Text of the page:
CBI allowed to summon more witnesses in 2G case

CBI allowed to summon more witnesses in 2G case

A special court on Wednesday allowed the Central Bureau of Investigation (CBI) to call five more prosecution witnesses and produce additional documents in the 2G case in which former telecom minister A Raja, DMK leader Kanimozi and others are accused.

Special CBI Judge (2G cases) O P Saini, however, suggested the investigation agency that it should stop bringing such plea before it while reminding the prosecution that “frequent and fragmentary” filing of documents do cause “anxiety and uncertainty” in a trial, if not prejudice to the accused. 

The suggestion came from the court as the CBI had pleaded the court for allowing examination of more witnesses and documents at a time when the court had already closed the recording of evidence and posted the matter for final argument.

In this case, prosecution has been allowed to file documents fourteen times, though the defence has also not lagged behind as it has competed with the prosecution and has been allowed to file the documents running into about eight full size steel boxes, the court noted. 

“But prosecution should remember that Indian legal system does not cleave to be theory of hound-the-accused-at-all-cost-by-all-means-fair-or-foul. An accused is also entitled to certain rights and to a fair trial.  He is not a quarry to be pursued, caught and killed.  He is deemed to be innocent until proved guilty and is entitled to a fair trial,” it added.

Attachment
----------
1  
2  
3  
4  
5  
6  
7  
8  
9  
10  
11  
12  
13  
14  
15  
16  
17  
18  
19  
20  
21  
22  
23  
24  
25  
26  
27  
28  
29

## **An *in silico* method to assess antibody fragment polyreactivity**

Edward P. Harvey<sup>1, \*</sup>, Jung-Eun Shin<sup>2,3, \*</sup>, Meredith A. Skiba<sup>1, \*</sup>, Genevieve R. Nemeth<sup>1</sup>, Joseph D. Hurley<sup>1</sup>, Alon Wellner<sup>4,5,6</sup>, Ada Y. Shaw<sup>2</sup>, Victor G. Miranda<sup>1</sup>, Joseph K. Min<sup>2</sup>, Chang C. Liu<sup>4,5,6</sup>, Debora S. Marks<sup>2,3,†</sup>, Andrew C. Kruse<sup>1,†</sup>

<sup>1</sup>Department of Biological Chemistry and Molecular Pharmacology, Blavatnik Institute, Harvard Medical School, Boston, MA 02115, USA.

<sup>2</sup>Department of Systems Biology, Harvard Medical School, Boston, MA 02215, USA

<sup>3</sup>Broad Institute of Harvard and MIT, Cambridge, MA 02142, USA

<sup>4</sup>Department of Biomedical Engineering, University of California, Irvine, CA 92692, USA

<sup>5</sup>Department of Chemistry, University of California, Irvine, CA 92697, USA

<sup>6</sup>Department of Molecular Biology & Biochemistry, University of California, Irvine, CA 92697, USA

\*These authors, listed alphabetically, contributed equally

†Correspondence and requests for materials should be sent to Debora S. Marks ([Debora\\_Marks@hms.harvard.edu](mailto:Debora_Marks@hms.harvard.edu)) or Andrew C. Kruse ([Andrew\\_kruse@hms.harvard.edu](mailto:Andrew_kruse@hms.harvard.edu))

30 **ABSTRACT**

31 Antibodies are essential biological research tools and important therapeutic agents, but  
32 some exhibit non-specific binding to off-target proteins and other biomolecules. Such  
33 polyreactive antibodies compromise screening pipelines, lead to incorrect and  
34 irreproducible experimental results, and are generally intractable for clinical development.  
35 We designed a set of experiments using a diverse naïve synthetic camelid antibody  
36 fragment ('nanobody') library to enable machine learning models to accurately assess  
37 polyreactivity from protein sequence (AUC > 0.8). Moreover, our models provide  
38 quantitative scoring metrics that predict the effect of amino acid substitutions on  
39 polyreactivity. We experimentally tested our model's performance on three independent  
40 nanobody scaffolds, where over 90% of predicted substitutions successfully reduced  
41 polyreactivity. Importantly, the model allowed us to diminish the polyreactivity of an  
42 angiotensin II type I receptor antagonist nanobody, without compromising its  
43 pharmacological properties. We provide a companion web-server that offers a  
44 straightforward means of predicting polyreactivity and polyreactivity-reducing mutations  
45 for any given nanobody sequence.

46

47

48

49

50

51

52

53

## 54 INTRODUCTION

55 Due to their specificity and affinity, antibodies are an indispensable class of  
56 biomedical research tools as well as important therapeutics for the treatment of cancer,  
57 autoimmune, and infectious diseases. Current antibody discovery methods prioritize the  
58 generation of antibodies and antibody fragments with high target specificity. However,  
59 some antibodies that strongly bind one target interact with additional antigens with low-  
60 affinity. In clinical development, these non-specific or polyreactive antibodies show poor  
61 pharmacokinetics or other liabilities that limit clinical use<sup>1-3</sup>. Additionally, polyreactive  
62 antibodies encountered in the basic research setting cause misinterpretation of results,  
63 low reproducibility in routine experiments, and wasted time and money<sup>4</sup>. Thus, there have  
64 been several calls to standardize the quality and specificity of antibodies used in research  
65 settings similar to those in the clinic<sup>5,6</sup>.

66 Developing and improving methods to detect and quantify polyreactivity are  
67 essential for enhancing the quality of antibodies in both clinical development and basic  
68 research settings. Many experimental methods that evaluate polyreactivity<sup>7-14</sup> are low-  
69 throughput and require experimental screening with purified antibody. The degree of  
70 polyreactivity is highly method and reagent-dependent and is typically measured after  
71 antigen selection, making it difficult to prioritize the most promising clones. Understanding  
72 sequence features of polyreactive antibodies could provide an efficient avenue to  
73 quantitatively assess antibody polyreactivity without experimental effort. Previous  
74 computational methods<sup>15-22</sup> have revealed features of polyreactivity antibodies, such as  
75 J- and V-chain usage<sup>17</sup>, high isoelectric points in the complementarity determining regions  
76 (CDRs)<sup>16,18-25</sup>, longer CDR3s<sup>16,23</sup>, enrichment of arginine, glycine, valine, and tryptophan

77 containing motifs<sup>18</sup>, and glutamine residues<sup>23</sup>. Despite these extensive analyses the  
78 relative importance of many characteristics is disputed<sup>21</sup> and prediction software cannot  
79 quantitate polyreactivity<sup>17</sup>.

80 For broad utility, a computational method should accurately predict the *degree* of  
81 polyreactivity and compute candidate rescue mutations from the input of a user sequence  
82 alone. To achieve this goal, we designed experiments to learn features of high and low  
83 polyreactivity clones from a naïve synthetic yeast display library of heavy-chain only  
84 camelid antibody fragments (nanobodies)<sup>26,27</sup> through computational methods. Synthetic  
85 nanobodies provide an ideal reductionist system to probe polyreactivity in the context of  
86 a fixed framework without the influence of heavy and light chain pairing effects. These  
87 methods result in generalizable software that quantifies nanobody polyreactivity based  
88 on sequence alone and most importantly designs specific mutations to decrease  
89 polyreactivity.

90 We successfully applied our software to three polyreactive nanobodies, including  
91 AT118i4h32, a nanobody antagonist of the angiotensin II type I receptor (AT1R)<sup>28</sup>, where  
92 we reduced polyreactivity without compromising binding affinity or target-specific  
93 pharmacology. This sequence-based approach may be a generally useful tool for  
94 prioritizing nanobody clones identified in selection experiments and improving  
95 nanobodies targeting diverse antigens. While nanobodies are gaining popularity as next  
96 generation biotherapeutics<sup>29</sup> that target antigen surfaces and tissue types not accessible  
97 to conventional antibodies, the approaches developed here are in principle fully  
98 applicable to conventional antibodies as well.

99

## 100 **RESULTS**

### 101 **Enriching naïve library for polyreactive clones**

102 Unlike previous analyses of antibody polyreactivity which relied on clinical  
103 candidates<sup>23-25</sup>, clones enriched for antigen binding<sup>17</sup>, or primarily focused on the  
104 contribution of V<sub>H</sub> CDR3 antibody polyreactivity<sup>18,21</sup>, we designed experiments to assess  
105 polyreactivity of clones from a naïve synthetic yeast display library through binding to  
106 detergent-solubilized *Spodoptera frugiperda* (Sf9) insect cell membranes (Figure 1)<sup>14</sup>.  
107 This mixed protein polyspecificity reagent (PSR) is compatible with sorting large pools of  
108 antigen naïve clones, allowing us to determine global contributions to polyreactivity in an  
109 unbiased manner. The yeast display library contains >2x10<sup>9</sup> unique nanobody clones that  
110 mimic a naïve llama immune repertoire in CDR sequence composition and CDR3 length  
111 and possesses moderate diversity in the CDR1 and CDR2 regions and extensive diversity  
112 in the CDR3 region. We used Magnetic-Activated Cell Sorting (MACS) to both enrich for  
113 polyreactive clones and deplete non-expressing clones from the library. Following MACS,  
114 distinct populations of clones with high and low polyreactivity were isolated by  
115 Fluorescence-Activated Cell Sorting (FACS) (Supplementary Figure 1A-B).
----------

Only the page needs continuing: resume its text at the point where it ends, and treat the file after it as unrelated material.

The case has been under investigation since August 21, 2009 and since then the prosecution has been collecting material.  This is sufficient time for any investigation to complete,” the court noted. 

As a matter of course, entire documents with list of witnesses should be filed with the chargesheet.  But an occasion may arise where this may not be possible and documents may be filed subsequently also necessitating the summoning of additional witnesses. But this cannot become a rule, it underlined. 

“The quest for truth cannot become a lifelong activity, and if it is so, no criminal trial would ever come to an end.  Though, the prosecution has been successful in making out a case that the documents sought to be placed on record are essential for the just decision of the case but such practice cannot go on endlessly,” the court noted.